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RIP: An Obituary For Israel’s Labor Party

For Israel’s erstwhile ruling party, it indeed ends with a whimper.

Shelly Yacimovich, the Labor Party’s former chairwoman and popular public figure, has said she will not run in September’s snap elections. Her announcement followed the triumph of Amir Peretz over two much younger opponents in the party’s leadership contest earlier this month.

All of this comes just after Labor won a meager six Knesset seats in April, good for just four percent of the national vote. Recent polling fails to paint a rosier picture since the party is not expected to increase its representation come September. Some reports are even grimmer, predicting that Labor must merge with another bloc to avoid political extinction. Yet however September’s elections unfold, this could well signal the death of the party.

The writing has been on the wall long before this year. Once the country’s de facto ruling party, Labor has declined precipitously in power and prestige. One of its own has not been prime minister since 2001, when Ehud Barak, who weeks ago formed a new party, lost to Ariel Sharon after the outbreak of the Second Intifada.

The 18 years Labor has been in opposition ever since comprise the longest such drought in its history. One would be forgiven for not knowing this is the same party that ruled uninterrupted for the first three decades of Israel’s existence.

The Labor Party was once synonymous with Israel itself. Though not formed until 1968, Labor was preceded by various workers’ parties that had dominated the Knesset. Lions of the political establishment like David Ben Gurion, Shimon Peres, and Golda Meir all belonged to Labor or its antecedents. The early state’s zeitgeist — Zionism, secularism, and socialism — went hand in hand with Labor’s platform.

Despite Labor’s early stranglehold on power, Likud and its right-wing offshoots have come to rule the Israeli political scene. Since Menachem Begin became prime minister in 1977, Israeli politics have drifted prominently rightward as Likud has governed for 31 out of 42 years.

Labor experienced a renaissance in the 90s under Yitzhak Rabin and then briefly Barak, but those halcyon days are long gone. Netanyahu has in unprecedented ways emboldened the country’s Right, which is poised to govern for the foreseeable future. Labor’s early stalwarts would recoil at the political landscape in today’s Israel.

Several reasons account for the Labor party’s ruin. For one, free-market reforms have turned Israel into a highly developed economy and quashed popular appetite for socialism. The country is far more prosperous than it was in its first few decades, when the little industry it had derived from agriculture. Second, the collapse of the peace process has pulverized the Left, leaving the hawkish Right with much better electoral prospects. And third, Haredi Jews, once a negligible minority, now make up over ten percent of the Israeli population and vote for right-wing parties.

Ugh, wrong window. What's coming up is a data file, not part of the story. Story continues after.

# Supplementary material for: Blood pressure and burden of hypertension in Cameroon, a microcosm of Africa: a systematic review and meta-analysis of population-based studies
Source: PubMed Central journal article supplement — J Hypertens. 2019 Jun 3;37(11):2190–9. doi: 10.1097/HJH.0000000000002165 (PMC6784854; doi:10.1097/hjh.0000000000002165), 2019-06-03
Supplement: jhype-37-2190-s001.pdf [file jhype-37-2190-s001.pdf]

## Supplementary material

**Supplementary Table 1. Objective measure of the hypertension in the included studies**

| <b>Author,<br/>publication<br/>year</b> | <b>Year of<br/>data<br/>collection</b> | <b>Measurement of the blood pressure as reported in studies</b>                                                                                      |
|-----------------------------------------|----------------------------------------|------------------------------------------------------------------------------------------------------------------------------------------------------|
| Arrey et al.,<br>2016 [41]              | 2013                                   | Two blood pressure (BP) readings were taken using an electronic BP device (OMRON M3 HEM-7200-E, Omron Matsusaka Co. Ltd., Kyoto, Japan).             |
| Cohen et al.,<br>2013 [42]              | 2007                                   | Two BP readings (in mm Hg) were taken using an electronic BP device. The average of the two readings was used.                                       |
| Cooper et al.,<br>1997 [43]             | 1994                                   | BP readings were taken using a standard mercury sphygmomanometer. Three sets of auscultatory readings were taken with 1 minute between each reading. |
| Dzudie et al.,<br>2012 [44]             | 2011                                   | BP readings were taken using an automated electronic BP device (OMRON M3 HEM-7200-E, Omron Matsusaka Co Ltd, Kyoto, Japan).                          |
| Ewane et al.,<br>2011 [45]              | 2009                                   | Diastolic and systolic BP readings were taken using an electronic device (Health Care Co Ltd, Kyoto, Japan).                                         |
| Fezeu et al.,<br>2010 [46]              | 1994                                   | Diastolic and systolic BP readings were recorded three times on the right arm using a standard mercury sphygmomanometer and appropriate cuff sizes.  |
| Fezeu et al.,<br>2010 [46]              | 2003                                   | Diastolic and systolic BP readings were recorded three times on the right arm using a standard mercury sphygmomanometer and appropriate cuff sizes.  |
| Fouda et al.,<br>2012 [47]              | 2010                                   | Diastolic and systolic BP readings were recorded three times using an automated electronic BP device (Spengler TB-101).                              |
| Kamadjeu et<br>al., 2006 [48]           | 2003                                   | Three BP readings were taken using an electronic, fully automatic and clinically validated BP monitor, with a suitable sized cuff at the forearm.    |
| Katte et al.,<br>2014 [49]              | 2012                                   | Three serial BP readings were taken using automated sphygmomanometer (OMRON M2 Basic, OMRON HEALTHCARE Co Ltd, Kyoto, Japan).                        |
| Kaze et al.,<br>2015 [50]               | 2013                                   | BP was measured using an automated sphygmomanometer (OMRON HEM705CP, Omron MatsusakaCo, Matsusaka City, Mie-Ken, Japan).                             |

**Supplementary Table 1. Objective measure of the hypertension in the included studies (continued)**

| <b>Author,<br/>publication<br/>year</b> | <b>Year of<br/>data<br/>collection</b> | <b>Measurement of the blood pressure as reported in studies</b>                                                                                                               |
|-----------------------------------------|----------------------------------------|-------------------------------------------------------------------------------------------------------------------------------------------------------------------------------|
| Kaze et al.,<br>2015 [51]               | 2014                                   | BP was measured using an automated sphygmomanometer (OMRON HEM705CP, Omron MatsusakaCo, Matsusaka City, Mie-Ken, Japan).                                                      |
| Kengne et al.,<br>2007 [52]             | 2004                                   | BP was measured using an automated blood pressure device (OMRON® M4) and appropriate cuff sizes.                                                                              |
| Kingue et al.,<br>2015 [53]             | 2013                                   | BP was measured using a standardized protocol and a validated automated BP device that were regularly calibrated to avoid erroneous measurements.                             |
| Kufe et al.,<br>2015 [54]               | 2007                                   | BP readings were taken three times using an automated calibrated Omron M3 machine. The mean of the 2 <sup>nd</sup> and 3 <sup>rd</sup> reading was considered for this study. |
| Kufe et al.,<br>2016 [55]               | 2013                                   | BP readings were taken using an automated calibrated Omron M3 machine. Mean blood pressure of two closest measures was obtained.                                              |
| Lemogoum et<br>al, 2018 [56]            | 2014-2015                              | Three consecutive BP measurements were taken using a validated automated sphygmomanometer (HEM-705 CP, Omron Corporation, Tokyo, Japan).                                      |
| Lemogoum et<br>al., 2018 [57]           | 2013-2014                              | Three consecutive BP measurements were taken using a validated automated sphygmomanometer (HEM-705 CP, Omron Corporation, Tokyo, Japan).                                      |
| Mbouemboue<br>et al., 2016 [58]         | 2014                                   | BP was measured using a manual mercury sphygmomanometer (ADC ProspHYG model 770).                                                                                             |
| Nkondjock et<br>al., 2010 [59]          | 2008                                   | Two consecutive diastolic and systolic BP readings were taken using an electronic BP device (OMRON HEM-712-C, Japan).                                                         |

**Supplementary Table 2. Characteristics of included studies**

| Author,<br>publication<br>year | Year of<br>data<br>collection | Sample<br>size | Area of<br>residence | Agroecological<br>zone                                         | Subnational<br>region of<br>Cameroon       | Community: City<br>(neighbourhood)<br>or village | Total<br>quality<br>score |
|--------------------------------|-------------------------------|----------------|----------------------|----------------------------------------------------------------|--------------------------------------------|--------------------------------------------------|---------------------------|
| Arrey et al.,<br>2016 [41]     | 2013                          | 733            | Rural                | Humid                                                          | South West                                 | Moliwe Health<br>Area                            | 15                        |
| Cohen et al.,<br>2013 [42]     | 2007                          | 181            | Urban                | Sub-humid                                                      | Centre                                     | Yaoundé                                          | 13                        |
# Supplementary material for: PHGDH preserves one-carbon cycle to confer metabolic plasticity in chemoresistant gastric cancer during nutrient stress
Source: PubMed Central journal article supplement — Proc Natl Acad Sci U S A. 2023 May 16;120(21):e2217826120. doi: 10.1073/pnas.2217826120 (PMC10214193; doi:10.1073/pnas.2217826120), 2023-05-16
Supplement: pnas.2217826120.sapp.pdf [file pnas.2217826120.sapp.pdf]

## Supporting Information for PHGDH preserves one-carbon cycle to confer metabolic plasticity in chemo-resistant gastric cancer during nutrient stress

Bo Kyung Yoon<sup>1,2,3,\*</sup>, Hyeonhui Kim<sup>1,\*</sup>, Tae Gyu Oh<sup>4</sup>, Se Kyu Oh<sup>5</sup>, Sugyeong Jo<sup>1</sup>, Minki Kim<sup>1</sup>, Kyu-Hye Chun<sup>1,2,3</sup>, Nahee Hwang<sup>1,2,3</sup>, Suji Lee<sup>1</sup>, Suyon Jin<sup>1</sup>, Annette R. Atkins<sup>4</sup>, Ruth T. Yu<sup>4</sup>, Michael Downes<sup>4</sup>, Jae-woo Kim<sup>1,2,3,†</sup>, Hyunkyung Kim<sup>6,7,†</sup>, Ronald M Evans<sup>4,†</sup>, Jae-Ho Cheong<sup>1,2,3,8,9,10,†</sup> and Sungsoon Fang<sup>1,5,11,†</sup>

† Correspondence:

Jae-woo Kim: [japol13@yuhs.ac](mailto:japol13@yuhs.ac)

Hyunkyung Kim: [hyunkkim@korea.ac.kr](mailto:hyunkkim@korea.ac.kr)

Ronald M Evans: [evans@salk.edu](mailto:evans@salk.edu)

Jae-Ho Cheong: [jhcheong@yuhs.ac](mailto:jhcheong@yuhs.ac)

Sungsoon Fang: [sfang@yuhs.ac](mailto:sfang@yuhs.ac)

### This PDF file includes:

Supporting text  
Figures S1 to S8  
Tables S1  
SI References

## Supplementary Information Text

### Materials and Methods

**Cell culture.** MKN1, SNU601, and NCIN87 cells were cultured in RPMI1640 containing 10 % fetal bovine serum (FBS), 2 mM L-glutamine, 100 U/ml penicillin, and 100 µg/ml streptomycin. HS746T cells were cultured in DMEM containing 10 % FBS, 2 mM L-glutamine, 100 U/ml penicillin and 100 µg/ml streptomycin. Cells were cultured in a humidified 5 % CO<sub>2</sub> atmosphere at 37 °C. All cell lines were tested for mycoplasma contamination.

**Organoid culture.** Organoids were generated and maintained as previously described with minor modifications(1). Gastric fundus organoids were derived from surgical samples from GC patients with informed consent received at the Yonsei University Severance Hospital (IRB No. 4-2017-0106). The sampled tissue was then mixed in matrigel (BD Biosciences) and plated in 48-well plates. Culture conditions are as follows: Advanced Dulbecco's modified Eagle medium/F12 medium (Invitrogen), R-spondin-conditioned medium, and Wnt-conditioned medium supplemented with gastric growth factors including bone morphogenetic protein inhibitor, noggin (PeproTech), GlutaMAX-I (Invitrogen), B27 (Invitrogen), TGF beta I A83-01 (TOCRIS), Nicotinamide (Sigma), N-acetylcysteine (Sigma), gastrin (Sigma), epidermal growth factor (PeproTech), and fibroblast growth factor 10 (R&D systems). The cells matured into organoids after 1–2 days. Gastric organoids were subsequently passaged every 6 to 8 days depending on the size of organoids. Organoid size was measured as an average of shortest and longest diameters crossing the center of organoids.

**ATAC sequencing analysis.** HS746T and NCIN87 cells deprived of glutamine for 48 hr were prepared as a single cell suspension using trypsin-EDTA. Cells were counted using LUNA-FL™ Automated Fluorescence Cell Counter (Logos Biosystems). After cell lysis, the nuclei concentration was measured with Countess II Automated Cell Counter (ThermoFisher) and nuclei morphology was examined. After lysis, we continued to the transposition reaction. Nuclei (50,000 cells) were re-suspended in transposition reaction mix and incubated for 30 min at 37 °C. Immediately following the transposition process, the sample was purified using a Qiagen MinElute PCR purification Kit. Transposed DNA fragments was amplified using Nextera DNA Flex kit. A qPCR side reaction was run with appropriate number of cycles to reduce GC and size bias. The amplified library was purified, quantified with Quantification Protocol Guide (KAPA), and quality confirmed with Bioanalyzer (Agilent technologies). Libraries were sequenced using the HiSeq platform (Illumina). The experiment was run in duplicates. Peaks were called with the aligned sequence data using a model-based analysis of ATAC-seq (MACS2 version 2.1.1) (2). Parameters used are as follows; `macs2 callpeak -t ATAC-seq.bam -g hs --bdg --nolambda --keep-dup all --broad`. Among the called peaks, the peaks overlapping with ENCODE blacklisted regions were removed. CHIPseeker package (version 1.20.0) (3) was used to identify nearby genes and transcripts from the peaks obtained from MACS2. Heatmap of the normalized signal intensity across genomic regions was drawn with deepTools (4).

The positions of the Labor Party no longer resonate strongly with Israeli voters. Although Labor drove the socialist ideology that defined Israel’s nascent years, the country has moved so far to the Right that its social-democratic agenda turns few heads these days. What is more, its base has shrunk to the point of irrelevance. Youth on the Left have shunned the party in favor of the more radical Meretz, while Labor’s traditional voters have shifted their allegiance or died out.

The numbers don’t suggest Labor can look elsewhere for support. According to a recent study by the Israeli Democracy Institute, an astonishing 64 percent of Jewish Israelis aged 18 to 34 call themselves right wing. Contrast this with the 12 percent of American Millennials who identify as conservative. Israeli progressive factions face a simple choice: Adapt to an increasingly right-wing electorate, or face extinction. In Labor’s case, it already does.

Desperate times call for desperate measures. In hopes of siphoning off voters from right-wing parties, Labor has publicly ruled out a merger with Meretz or Barak’s new party. It has added to its list Orly Levy-Abekasis, a former member of the Knesset and high-profile public figure, in a move that Barak said “might spell the end for the Labor Party.” Like its European center-left counterparts, Labor hangs by a thread in this new political landscape.

The lengths to which Labor must go to survive bring forth a sorry spectacle. Labor and the old Israeli guard have been fighting a losing battle since Likud revolutionized national politics 42 years ago. Against an ascendant right wing, Labor’s platform has alienated an electorate over which it used to have a monopoly. No matter how Labor fares in September, it is a shell of a previously formidable political force that has lost touch with the country. The party today represents not so much an Israel that is but what it once was.

Daniel J. Samet is Program Assistant for Middle East Programs at the Atlantic Council. The views expressed here are his alone.

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